With the help of Capt. Kevin Beach, an angler visiting from North Dakota brought in a 580-pound mako shark while targeting yellowfins south of Venice last week. Landon Rachel manned the rod during an hour-long battle with the shark, which ate a 30-pound king mackerel on two 10/0 Mustad hooks and jumped four times during the standoff.
The beast measured 117.5 inches from its lower jaw to the tail fork, and ranks as the fourth largest mako landed in Louisiana waters, according to the Times-Picayune. “We first saw him about 70, 80 yards down the chum slick, just swimming all lit up, blue and pretty, on the surface,” Beach said. “We tried to feed him a bonito, but he didn’t want it. I’d let it sink down 50, 60 feet, and then start reeling it up. He’d come and charge the boat. He’d get right up to the bait, and then he’d just turn off, so I’d drop it back down. We did that probably 10 times. He’d zoom straight up to the boat. A couple times, I thought he was going to jump in the damn boat.”
Once he rigged up the king mackerel for Rachel, things heated up. “I don’t know if it was the action of that long fillet just flapping in the water, or if he just wanted something a little bit fresher than the bonito, but it hit the water, got about 10 feet down, and he just swam up and sucked it down,” Beach said. “As soon as we hooked him, we got four really, really cool jumps out of him, and then he never got off the top shot. He never got down to the braid. He just stayed within 50 feet of the boat for about 30 minutes.”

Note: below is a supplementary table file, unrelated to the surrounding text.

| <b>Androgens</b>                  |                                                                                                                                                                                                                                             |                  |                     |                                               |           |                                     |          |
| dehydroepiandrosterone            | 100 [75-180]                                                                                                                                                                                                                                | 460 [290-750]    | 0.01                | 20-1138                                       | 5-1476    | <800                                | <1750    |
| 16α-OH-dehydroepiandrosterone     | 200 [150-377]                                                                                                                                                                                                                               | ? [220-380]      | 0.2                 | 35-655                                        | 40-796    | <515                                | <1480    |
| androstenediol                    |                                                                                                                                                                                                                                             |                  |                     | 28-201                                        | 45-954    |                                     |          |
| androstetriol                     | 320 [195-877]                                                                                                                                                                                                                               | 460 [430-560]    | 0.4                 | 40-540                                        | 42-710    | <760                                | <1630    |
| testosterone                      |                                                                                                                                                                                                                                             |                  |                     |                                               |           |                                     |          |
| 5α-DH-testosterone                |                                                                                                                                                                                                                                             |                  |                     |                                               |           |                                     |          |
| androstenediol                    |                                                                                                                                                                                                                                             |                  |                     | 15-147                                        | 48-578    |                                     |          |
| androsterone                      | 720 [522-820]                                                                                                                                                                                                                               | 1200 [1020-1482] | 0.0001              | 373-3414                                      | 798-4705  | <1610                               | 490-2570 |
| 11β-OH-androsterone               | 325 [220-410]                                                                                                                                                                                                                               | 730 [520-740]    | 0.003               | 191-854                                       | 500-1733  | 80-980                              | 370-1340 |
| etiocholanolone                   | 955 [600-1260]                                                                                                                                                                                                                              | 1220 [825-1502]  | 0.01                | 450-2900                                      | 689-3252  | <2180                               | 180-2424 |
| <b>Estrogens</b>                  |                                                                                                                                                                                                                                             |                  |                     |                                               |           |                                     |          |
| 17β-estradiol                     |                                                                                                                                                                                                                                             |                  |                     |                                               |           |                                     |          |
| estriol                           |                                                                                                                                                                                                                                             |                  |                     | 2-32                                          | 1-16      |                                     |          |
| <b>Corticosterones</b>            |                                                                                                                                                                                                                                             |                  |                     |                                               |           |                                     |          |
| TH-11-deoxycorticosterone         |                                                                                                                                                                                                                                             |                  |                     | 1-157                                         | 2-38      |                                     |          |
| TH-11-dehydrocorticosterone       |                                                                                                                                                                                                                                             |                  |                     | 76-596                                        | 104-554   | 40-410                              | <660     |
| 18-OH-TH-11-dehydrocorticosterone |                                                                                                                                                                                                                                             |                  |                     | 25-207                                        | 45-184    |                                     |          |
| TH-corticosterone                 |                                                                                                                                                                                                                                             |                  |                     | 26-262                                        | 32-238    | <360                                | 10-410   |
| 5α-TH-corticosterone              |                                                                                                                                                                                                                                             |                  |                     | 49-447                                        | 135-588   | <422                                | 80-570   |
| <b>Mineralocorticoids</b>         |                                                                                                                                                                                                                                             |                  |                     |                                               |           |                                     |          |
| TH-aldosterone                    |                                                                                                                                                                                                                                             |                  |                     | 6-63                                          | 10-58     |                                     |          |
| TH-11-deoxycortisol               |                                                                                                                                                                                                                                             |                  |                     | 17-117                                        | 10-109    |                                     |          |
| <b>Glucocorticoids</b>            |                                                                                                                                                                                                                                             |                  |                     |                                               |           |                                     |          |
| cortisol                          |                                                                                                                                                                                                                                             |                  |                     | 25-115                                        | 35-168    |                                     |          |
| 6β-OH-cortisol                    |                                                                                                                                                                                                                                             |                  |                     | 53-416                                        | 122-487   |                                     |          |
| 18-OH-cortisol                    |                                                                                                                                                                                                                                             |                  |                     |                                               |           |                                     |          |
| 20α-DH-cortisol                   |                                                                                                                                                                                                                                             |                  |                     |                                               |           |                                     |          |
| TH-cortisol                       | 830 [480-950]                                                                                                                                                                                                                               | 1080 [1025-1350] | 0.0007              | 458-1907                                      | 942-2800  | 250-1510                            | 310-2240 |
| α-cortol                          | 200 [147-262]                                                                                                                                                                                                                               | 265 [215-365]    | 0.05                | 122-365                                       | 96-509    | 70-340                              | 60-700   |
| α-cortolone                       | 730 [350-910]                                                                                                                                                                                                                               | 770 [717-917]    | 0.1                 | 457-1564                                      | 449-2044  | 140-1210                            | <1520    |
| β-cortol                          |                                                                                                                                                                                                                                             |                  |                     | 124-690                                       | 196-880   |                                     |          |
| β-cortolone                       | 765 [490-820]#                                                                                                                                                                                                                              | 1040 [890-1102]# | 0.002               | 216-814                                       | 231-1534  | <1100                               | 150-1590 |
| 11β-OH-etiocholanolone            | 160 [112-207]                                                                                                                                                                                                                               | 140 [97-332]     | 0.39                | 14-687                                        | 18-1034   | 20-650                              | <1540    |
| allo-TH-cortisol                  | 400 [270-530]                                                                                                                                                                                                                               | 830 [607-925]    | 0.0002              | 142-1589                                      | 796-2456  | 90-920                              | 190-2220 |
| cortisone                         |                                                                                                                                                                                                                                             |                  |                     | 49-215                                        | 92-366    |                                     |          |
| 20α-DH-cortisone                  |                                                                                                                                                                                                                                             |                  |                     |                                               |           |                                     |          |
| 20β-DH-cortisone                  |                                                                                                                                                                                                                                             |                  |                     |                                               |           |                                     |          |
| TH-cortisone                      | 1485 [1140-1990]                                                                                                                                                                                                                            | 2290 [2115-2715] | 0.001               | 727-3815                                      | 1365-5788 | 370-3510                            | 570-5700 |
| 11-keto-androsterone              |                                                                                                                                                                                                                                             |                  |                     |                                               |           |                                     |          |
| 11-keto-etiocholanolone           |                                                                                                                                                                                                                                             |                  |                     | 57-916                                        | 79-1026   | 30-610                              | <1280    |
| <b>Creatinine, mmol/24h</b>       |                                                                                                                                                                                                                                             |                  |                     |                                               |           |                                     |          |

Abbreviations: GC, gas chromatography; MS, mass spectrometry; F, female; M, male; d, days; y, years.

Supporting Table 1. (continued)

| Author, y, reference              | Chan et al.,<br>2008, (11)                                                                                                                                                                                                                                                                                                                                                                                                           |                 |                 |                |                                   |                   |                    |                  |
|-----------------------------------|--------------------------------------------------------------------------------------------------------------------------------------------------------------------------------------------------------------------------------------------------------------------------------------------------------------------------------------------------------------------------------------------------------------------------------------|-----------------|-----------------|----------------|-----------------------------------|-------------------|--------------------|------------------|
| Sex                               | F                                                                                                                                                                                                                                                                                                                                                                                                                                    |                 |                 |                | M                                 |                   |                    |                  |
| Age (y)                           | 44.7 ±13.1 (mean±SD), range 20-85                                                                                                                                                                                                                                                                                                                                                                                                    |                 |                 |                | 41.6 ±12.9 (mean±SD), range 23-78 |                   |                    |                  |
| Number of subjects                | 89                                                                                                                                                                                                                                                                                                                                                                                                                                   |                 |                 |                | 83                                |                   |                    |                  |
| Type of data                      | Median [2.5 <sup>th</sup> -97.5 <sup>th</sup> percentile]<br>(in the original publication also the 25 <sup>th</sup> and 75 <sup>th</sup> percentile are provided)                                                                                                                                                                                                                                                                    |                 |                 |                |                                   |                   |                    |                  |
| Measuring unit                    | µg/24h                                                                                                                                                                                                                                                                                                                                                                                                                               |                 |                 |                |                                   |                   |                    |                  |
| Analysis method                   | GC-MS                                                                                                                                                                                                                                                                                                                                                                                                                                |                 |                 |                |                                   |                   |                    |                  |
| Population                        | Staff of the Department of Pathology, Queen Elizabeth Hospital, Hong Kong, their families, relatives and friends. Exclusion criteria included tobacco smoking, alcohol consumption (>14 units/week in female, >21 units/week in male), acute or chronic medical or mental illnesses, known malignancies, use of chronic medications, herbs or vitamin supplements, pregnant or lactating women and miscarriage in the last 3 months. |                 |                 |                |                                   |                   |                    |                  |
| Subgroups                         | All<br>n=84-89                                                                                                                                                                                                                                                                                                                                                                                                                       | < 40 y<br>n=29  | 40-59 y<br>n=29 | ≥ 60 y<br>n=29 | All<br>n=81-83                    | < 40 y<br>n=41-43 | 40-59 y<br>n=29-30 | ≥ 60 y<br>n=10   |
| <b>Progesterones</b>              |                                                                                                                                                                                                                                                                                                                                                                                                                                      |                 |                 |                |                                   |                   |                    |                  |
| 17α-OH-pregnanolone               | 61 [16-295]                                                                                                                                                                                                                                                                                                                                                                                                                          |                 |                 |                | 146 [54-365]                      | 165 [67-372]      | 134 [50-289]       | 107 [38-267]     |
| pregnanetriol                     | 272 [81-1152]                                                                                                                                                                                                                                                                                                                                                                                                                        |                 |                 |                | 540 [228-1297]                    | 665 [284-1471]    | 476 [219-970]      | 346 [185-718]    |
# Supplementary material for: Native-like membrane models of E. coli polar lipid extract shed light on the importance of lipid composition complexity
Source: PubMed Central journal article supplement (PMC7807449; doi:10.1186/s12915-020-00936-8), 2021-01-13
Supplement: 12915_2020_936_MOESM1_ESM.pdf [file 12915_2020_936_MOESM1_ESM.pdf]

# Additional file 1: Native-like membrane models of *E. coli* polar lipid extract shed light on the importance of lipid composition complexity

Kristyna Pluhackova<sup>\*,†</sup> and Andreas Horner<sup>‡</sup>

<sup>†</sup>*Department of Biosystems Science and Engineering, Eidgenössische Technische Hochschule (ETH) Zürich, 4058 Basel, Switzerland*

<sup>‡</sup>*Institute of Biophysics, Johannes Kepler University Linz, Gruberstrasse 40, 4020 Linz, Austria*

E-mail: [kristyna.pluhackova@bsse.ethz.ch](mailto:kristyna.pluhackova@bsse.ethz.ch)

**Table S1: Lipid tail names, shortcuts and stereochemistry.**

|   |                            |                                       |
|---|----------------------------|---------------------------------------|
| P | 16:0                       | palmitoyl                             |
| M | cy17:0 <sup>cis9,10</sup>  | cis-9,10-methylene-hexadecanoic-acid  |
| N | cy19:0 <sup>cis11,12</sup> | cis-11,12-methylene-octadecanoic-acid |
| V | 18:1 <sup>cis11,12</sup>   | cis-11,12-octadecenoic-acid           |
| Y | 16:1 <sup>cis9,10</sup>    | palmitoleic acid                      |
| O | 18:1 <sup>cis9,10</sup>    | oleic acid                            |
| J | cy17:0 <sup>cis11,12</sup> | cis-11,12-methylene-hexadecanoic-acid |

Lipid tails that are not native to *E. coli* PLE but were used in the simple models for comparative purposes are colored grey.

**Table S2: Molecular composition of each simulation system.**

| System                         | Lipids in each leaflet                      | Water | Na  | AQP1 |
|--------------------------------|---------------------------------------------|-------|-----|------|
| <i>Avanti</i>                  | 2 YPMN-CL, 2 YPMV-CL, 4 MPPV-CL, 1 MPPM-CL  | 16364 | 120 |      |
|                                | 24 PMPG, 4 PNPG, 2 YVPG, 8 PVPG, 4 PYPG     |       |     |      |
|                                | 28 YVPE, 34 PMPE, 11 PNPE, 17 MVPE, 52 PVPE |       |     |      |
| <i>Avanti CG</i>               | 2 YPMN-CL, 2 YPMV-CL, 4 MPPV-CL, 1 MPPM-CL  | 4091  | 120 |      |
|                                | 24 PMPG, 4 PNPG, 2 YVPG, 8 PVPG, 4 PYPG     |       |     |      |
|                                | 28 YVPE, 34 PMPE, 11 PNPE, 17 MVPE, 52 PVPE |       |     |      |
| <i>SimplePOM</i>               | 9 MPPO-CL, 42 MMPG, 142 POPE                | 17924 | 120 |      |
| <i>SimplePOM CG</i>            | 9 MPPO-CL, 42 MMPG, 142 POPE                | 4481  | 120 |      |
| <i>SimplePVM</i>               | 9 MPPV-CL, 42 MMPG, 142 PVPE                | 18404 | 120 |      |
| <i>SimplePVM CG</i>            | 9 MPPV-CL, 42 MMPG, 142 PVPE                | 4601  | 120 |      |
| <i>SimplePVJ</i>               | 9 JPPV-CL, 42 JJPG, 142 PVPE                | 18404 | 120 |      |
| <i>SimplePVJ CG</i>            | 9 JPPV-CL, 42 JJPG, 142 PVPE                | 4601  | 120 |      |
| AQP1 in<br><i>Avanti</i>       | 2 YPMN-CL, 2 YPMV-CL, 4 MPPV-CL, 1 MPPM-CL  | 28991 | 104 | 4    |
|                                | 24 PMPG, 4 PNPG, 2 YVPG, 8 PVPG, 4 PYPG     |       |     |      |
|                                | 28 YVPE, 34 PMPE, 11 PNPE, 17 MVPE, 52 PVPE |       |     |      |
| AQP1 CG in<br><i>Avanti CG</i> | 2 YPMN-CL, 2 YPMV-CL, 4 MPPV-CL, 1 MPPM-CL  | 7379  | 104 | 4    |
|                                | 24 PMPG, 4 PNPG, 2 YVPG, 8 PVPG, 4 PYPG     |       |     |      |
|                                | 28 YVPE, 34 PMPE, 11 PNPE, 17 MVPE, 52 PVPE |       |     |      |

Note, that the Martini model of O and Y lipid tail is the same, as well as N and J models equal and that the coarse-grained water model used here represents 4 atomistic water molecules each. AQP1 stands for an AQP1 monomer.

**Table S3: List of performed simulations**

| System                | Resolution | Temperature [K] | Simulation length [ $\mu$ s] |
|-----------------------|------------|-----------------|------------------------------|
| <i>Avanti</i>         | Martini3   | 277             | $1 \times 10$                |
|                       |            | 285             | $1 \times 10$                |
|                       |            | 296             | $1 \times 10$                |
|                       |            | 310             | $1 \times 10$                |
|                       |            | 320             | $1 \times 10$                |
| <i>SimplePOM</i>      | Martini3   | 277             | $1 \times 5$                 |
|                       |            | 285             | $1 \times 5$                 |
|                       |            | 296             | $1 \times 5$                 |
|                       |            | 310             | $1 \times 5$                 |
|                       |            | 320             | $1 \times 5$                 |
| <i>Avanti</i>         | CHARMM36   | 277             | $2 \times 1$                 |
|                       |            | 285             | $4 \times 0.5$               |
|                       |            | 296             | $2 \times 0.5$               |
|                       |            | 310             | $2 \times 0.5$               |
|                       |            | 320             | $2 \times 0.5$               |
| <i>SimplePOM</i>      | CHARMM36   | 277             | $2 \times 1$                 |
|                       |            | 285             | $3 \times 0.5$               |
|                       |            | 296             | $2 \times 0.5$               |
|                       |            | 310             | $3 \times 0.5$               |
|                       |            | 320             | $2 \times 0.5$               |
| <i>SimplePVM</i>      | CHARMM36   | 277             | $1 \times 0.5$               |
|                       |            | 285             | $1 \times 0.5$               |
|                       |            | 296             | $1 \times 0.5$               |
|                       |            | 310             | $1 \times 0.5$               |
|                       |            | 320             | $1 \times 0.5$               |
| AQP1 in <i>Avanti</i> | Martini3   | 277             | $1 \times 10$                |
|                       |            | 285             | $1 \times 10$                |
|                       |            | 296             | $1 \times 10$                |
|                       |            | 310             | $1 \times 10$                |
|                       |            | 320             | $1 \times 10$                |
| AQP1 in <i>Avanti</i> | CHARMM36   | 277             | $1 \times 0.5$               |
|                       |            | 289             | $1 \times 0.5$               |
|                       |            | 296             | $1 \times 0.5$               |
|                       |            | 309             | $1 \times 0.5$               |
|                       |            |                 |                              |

Beach didn’t want to gaff the shark yet, so Rachel battled for 30 more minutes before bringing it boatside. It took a normal 8-foot gaff, a tail rope, a flying gaff, and five men to get the mako over the transom and into the boat. The crew iced it down as much as possible, and covered it with the bean-bag chairs Beach keeps on the 37-foot Freeman for days with rough seas.
At Cypress Cove Marina’s certified scale, the mako weighed 580 pounds. Beach also had the assist on a 765-pounder caught by a client in 2006, the No. 2 mako in the state. The one to beat is 1,149 pounds, caught in 2009, and this is the time of year to do it, says Beach. “It’s a combination of the water being cooler as well as them just following the food. The bonito are coming in on the fry, and the tuna and wahoo are feeding on them, and the makos are feeding on the tuna and wahoo.”